Throughout the past 20 years, every entry in the Super Smash Bros. series has been incredibly unique. From its early days in on the Nintendo 64 with only 12 characters to more than 50 fighters on the Wii U, every franchise from Fire Emblem to Final Fantasy has meshed together wonderfully while individual fighters retain an impressive level of depth. Now, with every previous character returning, you’d think some of the novelty of having Nintendo’s superstars beat the snot out of each other would wear off. That’s not the case though, as Super Smash Bros. Ultimate manages to make a series that started in 1999, with characters and stages we’ve played time in and time out, feel like something completely new.
It’s an especially impressive feat since Nintendo hasn’t been particularly tight-lipped in the past few months. Multiple Nintendo Directs, announcements, event demos, and leaks have shown off most of what Ultimate has to offer. Yet, every character unlock has left me completely giddy. Super Smash Bros. Ultimate is so smooth that the excitement and mystery of new characters remain even though the roster reveals have long since passed.
It doesn’t just stop there, either: the combination of Super Smash Bros. Ultimate’s incredibly tight gameplay, deep and meaningful story mode, and enormous amount of polish has created a gem that will not disappoint.
Faster than four
It’s hard to talk about a Super Smash Bros. game without comparing it to its ancestors. While somewhat similar, each game before it, Ultimate has a different speed, roster and overall feel. Some prefer the slower pace of Super Smash Bros. 64 and Super Smash Bros Brawl, while competitive players focus on the much faster Super Smash Bros. Melee and Wii U. Ultimate finds a nice home in between the all the above.
Ultimate, as you can tell from its appearance, resembles Super Smash Bros. Wii U the most. Characters move at a similar speed, albeit slightly faster with more freedom to change direction instantly. The most notable difference is how far and often characters get knocked back during a fight. Some fighters, including the likes of Robin, King K. Rool, Snake, and others, can send foes flying across the map early on in the fight. As a result, most matches move at an exhilarating pace and end quite early. When that’s coupled with crazy items and character movesets, the action can get a quite incomprehensible.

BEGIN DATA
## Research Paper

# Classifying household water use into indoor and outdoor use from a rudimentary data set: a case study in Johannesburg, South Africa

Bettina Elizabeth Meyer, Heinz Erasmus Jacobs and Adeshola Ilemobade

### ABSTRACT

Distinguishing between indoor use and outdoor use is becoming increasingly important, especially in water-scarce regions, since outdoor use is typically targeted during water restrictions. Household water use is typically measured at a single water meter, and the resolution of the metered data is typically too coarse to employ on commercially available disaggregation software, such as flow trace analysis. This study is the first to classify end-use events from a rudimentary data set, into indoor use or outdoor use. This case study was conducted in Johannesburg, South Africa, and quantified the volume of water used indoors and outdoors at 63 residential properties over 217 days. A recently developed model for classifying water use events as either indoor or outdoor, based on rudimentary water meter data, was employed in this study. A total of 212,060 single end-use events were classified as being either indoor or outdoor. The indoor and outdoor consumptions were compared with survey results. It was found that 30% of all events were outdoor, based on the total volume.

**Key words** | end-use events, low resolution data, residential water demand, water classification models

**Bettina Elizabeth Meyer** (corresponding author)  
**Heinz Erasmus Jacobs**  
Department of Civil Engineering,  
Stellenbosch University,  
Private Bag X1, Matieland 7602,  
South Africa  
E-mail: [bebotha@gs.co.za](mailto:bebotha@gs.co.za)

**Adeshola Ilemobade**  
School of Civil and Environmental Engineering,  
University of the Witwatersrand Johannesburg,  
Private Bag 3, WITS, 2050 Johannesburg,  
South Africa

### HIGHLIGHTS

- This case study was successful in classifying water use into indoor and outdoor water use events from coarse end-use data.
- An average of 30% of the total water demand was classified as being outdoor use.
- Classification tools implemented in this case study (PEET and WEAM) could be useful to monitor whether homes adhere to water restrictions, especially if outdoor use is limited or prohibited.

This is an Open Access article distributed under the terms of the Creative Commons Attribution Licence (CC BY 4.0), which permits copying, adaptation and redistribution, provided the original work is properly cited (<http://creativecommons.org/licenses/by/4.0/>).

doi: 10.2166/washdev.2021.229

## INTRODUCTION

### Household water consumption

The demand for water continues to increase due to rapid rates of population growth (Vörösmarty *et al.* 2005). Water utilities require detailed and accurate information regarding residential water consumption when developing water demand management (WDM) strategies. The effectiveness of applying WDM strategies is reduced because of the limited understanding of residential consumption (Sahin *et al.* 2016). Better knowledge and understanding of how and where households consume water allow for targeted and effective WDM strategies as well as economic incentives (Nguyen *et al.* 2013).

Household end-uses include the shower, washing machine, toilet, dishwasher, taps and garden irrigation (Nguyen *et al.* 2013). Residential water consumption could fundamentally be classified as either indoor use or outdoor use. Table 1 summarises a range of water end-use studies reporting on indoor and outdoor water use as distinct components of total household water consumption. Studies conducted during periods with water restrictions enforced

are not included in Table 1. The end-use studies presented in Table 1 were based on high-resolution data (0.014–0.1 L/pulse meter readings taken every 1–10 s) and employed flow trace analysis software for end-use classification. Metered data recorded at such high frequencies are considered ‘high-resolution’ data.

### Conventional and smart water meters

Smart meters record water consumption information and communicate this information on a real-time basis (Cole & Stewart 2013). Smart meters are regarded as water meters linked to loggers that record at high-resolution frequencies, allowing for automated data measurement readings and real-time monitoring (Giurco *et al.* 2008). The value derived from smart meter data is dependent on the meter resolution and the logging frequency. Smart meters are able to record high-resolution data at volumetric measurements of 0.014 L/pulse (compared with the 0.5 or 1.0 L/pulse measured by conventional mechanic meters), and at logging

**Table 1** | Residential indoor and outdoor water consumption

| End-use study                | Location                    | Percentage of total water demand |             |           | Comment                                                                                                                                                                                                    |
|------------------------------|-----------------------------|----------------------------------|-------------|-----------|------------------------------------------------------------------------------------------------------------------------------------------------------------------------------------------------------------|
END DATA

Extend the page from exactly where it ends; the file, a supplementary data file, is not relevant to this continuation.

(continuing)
The minute-to-minute gameplay only gets more different from the Wii U version the more you play. Individual characters have adjusted movesets and various buffs and nerfs. Many changes, like letting Samus charge her beam midair, feel small on their own. Yet tweaks upon tweaks add up to something much more significant.
That doesn’t even mention the new characters who have instantly found a home in the mishmash of franchises. The Inkling Kids, Incineroar, King K. Rool, Simon, and various Echo Fighters all feel like they’ve been part of the franchise for years. This is especially so for the Inklings, whose moveset, sound design, and animations all feel like they are directly pulled from Splatoon. Their recovery is a super jump, they use a roller to squash enemies into the ground, and they’re grab is a mobster-esque splattershot to the face. Luckily, every character feels equally indented into the crossover.
At first glance the visuals seem almost identical to the Wii U entry, with Pac-Man and King Dedede looking similar to their appearances on the last-gen console. That familiarity gets shredded after you see the background and extra detail in the classic Corneria or the brand new Moray Towers. They look far more impressive than any previous console could handle.
Despite the initial feeling of familiarity, Super Smash Bros. Ultimate grows to feel like something all its own. You can still find 8-Player Smash, a Classic Mode where you take on fighters and the Master Hand, as well as a ton of customizable options for multiplayer battles that range from making characters huge to starting a match in Sudden Death.